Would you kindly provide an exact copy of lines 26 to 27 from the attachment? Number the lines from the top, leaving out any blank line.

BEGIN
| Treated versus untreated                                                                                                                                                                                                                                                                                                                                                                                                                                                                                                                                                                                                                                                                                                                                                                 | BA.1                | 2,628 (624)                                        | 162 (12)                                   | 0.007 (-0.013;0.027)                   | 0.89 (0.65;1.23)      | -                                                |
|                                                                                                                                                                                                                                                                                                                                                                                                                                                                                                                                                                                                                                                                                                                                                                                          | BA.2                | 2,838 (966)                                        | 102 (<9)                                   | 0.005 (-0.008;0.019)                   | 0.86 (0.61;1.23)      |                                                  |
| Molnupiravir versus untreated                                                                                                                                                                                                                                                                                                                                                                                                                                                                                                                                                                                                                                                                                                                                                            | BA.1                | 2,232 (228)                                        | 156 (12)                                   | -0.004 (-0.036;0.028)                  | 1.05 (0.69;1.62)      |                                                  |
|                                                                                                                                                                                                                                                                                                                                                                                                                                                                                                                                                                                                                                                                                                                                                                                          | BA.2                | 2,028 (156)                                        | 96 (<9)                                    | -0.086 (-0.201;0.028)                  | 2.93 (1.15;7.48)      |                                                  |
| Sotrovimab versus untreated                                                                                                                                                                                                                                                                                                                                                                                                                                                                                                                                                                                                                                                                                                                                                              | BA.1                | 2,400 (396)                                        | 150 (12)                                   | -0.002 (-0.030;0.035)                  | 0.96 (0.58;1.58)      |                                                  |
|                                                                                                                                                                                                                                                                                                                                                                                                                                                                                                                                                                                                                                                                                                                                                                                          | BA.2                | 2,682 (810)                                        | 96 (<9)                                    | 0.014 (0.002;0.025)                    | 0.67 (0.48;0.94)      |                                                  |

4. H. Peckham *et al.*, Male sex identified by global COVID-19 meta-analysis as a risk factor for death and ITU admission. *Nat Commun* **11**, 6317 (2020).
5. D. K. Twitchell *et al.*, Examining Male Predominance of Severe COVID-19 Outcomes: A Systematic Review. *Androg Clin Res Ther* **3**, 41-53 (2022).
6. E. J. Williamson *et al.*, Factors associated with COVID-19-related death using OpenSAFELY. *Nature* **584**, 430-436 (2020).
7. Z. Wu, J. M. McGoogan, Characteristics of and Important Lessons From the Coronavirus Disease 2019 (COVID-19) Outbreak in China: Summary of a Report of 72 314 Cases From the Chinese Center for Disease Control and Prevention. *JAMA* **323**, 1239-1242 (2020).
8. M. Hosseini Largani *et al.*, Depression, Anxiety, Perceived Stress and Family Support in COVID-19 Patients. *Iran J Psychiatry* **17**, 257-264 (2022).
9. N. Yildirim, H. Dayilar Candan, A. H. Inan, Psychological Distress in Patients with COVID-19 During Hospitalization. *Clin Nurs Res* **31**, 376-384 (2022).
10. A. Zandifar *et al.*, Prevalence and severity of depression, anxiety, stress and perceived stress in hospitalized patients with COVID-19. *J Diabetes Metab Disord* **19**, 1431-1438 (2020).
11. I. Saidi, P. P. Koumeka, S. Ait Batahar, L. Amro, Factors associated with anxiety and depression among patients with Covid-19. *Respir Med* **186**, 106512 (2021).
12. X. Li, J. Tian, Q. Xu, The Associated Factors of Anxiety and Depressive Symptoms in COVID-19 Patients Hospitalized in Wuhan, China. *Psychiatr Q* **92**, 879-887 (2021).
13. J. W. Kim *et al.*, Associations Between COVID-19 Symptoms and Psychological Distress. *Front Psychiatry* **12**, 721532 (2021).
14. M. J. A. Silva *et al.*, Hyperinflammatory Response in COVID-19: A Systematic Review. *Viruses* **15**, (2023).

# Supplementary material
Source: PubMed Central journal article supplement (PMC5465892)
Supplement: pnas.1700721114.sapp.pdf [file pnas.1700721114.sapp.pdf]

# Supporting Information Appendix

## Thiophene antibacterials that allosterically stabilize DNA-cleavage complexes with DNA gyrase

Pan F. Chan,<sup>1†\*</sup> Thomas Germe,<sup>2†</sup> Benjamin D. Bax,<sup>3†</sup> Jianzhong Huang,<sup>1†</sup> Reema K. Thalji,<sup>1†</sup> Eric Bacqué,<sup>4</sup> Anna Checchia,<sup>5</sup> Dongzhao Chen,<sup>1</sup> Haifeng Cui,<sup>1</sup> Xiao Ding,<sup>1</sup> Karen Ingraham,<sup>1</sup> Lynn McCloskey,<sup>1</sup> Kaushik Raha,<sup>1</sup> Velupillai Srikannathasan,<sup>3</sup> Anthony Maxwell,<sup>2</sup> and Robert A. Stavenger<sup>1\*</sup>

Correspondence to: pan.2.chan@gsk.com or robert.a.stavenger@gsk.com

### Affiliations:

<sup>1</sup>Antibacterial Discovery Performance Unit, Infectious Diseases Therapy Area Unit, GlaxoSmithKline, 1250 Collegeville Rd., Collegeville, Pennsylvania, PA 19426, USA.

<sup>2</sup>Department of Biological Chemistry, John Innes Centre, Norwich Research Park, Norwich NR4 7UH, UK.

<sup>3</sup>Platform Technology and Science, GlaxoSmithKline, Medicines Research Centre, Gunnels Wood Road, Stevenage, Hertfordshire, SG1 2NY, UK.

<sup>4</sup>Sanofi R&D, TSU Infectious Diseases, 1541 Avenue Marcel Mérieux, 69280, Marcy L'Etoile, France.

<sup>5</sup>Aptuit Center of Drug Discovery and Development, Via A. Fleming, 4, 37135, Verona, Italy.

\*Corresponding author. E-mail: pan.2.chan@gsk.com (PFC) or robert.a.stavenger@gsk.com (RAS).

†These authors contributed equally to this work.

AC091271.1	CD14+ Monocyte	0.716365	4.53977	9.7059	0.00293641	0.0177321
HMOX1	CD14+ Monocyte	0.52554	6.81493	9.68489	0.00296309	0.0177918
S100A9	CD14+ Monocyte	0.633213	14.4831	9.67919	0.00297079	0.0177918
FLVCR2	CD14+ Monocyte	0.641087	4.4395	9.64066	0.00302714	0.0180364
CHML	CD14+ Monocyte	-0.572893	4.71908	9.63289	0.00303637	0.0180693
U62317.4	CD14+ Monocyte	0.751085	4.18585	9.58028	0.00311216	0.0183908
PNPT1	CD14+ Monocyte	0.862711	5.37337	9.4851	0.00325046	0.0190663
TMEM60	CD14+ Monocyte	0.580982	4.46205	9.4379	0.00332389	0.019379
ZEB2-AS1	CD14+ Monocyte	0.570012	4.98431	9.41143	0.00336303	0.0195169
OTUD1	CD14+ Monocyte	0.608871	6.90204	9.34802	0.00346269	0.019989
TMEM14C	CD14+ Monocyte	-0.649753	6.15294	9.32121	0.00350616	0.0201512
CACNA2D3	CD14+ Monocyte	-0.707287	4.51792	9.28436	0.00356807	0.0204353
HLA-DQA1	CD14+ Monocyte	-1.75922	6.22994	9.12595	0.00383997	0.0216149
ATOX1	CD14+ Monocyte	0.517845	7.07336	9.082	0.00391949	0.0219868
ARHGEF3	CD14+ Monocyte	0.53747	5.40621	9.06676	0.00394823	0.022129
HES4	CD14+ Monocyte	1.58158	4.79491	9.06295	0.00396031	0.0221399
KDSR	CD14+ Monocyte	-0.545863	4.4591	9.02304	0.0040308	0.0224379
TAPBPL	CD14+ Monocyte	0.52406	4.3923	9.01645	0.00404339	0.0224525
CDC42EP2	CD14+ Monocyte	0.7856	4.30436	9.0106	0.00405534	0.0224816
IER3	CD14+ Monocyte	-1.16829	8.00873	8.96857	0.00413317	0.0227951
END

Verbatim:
<sup>1</sup>Antibacterial Discovery Performance Unit, Infectious Diseases Therapy Area Unit, GlaxoSmithKline, 1250 Collegeville Rd., Collegeville, Pennsylvania, PA 19426, USA.

<sup>2</sup>Department of Biological Chemistry, John Innes Centre, Norwich Research Park, Norwich NR4 7UH, UK.